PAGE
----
Hundreds of years ago most people in Ireland could not go to school. The only schools were bardic schools, for people who were going to be poets.
The monks in Ireland created great centres for learning in their monasteries but like the bardic schools not everyone got an education. Hedge schools became very common during the penal times of the 17th and 18th centuries when education was forbidden for Catholics. Many travelling schoolmasters set up hedge-schools where children were taught reading, writing and arithmetic.
Ballycullane like other areas had Hedge schools. These came to be because of the Penal Laws. These laws meant that Catholics could not go to school or catholic teachers could not teach in schools. Hedge schools only operated in fine weather and many of the teachers were not qualified.
Parochial Returns for Wexford 1826-1827
These returns show 16 such hedge schools in the parish of Ballycullane. All the teachers were unqualified.
The Parish Priest is Father Peter Doyle. His curate is Rev Peter Barden. They establish a little school in the village which is really only a shed. Mass is said in it each Sunday and school is held there during the week. Teachers are Peter O’ Brien who got £8 per year, and Mrs. Neville who got £6 per year.
Fr Andrew O’ Farrell was the priest in Ballycullane and he applied for a school. Bridget McGrath was appointed teacher and was paid £25 per year. Catherine Power was the other teacher and got £24 a year. This school had lots of problems and only settled down when David Fitzgibbon was appointed principal of the Boys School and Mrs Cardiff was appointed principal of the Girls School. At this stage Canon Joseph was parish priest and school manager.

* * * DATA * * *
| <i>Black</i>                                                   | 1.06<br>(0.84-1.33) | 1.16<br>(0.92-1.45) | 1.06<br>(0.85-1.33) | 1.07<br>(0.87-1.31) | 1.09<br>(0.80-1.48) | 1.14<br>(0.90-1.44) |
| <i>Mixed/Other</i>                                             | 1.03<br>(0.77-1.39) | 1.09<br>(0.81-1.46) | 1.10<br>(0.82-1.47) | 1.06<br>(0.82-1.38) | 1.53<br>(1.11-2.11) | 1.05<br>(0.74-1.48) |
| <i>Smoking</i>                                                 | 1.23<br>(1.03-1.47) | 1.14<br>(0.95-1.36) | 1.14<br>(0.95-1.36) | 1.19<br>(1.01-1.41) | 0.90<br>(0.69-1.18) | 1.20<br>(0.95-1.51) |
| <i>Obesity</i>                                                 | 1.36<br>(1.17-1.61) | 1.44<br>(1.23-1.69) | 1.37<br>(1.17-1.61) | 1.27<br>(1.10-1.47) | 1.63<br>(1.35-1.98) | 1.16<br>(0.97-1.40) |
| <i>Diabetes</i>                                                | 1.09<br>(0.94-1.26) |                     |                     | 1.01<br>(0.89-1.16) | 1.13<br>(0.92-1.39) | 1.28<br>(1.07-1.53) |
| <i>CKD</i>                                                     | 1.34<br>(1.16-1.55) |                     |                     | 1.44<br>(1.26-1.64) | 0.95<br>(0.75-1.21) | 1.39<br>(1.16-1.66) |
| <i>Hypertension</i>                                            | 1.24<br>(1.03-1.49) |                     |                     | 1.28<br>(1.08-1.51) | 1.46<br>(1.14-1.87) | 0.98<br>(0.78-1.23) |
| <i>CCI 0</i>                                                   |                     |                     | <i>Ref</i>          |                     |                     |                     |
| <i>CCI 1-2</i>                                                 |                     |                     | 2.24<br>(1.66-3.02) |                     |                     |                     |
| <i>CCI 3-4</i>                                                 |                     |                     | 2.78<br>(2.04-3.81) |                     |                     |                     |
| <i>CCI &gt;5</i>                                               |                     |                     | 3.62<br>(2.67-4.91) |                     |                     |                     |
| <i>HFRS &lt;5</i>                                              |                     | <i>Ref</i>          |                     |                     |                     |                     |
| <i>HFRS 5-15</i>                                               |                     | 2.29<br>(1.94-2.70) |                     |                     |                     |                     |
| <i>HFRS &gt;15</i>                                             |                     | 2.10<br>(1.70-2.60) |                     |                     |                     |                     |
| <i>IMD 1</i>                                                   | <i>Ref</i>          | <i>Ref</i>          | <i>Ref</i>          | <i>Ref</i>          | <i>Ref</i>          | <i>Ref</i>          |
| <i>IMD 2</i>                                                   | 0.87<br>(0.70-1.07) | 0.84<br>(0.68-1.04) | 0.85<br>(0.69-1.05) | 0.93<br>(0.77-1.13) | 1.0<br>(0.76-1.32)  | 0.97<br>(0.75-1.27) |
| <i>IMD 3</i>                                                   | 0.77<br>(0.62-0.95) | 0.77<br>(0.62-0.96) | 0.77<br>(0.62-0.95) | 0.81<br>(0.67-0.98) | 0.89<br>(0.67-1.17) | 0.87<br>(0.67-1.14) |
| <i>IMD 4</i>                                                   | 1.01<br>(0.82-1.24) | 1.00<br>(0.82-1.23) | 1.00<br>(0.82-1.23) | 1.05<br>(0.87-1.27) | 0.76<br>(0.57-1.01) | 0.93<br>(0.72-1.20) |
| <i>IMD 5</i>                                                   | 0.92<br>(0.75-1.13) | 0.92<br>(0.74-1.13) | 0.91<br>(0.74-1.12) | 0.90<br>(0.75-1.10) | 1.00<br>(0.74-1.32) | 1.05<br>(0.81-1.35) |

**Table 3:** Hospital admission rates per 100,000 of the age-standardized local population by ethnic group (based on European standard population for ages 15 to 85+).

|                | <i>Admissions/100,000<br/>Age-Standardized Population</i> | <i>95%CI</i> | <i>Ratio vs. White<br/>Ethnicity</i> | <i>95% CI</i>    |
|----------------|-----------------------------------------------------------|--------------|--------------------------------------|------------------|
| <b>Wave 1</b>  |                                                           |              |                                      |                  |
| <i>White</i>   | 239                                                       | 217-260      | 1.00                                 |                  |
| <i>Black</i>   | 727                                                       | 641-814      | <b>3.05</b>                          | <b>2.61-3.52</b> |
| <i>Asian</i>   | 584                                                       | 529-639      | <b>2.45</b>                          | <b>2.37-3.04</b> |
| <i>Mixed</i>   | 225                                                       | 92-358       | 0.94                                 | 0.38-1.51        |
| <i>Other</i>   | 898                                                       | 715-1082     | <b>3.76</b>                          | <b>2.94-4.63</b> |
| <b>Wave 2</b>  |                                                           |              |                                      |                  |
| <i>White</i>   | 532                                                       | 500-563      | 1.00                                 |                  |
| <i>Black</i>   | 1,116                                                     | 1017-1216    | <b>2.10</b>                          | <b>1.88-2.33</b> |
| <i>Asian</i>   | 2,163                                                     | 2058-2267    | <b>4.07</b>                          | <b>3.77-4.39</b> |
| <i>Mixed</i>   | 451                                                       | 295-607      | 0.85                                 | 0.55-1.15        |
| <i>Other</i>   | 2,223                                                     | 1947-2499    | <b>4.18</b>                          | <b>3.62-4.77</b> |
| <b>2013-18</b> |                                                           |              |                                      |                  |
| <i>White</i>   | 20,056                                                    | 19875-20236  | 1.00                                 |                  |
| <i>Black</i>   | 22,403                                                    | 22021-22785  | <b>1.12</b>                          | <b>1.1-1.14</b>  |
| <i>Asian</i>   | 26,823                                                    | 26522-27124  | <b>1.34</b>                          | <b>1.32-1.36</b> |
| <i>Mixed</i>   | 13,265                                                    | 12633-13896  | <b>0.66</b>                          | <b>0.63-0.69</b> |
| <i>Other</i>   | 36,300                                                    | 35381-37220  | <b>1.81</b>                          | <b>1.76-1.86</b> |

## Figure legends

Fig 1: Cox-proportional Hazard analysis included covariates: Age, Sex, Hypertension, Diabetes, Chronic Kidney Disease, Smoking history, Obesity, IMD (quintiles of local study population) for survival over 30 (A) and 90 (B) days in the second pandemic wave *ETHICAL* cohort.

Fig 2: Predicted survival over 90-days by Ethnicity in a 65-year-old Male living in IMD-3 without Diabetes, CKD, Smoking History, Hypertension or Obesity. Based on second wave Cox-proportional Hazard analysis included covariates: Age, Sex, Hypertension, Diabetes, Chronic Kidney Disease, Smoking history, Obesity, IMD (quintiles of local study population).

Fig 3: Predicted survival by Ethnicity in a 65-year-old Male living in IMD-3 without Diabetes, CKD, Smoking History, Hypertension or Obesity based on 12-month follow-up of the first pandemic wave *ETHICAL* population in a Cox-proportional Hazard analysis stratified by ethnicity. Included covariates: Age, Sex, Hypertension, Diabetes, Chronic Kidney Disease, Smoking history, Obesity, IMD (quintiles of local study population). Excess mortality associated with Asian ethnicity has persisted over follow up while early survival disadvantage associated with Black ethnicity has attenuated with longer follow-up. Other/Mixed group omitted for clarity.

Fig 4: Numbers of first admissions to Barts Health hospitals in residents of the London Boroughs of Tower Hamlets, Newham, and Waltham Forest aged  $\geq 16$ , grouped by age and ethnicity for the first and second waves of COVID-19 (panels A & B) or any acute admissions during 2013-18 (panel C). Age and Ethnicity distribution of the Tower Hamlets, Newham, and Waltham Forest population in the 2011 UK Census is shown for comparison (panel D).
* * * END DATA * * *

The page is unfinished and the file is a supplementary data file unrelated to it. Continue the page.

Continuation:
There is a new priest and school manager – Canon O’ Connor. Mrs Cardiff retired in 1905. The Department of Education wanted to amalgamate the Boys and Girls schools because numbers were falling. Canon O’ Connor refused and appointed his cousin Mary Kate Larkin as the principal of the Girls school and David Fitzgibbon was still principal of the Boys. The Department eventually got their own way and the two schools were amalgamated in 1908 with David Fitzgibbon as principal and Miss Larkin as privileged assistant. When Mr Fitzgibbon retired Miss Larkin took over as Principal until she had to retire because of bad health in 1933.
Dúchas.ie have compiled a fantastic online resource with their project “The Schools Collection”.
Approximately 740,000 pages of folklore and local tradition were compiled by pupils from 5,000 primary schools in the Irish Free State between 1937 and 1939.
This collecting scheme was initiated by the Irish Folklore Commission and was heavily dependent on the cooperation of the Department of Education and the Irish National Teachers’ Organisation.
It was originally to run from 1937 to 1938 but was extended to 1939 in some cases.
For the duration of the project, more than 50,000 schoolchildren from 5,000 schools in the 26 counties of the Irish Free State were enlisted to collect folklore in their home districts.
This included oral history, topographical information, folktales and legends, riddles and proverbs, games and pastimes, trades and crafts. The children recorded this material from their parents, grandparents, and neighbours.
There are 1,128 volumes, numbered and bound, in the Collection. A title page prefaces each school, giving the name of the school, the parish, the barony, the county and the teacher.
Manuscripts relating to Ballycullane and the surrounding Tintern Parish can be found by clicking on this link to Dúchas.